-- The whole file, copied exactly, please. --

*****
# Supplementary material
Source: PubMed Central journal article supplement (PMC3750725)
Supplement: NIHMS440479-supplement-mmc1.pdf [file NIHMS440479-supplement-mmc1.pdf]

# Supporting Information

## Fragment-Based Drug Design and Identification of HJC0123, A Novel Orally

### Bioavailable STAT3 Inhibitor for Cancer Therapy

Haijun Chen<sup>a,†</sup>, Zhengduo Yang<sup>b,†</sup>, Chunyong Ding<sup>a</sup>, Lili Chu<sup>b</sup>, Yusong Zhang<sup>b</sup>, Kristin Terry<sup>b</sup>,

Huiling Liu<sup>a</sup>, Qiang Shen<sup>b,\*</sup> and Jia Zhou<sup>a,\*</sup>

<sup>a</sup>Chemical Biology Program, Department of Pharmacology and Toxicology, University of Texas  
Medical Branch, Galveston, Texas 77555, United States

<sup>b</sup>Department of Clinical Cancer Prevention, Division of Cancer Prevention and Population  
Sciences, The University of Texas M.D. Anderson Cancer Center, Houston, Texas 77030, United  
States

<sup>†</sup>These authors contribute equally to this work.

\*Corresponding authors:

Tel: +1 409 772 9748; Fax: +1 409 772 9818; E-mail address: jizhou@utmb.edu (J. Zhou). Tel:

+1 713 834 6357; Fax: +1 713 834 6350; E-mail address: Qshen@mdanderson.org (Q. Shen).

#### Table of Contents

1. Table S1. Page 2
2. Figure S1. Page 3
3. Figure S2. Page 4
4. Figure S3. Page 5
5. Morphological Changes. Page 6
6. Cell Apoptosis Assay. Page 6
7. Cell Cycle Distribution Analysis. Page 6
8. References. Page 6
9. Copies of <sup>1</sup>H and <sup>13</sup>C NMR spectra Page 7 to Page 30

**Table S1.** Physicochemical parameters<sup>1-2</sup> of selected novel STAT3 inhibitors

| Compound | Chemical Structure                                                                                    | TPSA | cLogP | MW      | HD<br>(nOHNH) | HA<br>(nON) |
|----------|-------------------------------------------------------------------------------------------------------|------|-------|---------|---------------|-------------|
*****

# Supplementary material
Source: PubMed Central journal article supplement (PMC3750725)
Supplement: NIHMS440479-supplement-mmc1.pdf [file NIHMS440479-supplement-mmc1.pdf]

# Supporting Information

## Fragment-Based Drug Design and Identification of HJC0123, A Novel Orally

### Bioavailable STAT3 Inhibitor for Cancer Therapy

Haijun Chen<sup>a,†</sup>, Zhengduo Yang<sup>b,†</sup>, Chunyong Ding<sup>a</sup>, Lili Chu<sup>b</sup>, Yusong Zhang<sup>b</sup>, Kristin Terry<sup>b</sup>,

Huiling Liu<sup>a</sup>, Qiang Shen<sup>b,\*</sup> and Jia Zhou<sup>a,\*</sup>

<sup>a</sup>Chemical Biology Program, Department of Pharmacology and Toxicology, University of Texas  
Medical Branch, Galveston, Texas 77555, United States

<sup>b</sup>Department of Clinical Cancer Prevention, Division of Cancer Prevention and Population  
Sciences, The University of Texas M.D. Anderson Cancer Center, Houston, Texas 77030, United  
States

<sup>†</sup>These authors contribute equally to this work.

\*Corresponding authors:

Tel: +1 409 772 9748; Fax: +1 409 772 9818; E-mail address: jizhou@utmb.edu (J. Zhou). Tel:

+1 713 834 6357; Fax: +1 713 834 6350; E-mail address: Qshen@mdanderson.org (Q. Shen).

#### Table of Contents

1. Table S1. Page 2
2. Figure S1. Page 3
3. Figure S2. Page 4
4. Figure S3. Page 5
5. Morphological Changes. Page 6
6. Cell Apoptosis Assay. Page 6
7. Cell Cycle Distribution Analysis. Page 6
8. References. Page 6
9. Copies of <sup>1</sup>H and <sup>13</sup>C NMR spectra Page 7 to Page 30

**Table S1.** Physicochemical parameters<sup>1-2</sup> of selected novel STAT3 inhibitors

| Compound | Chemical Structure                                                                                    | TPSA | cLogP | MW      | HD<br>(nOHNH) | HA<br>(nON) |
|----------|-------------------------------------------------------------------------------------------------------|------|-------|---------|---------------|-------------|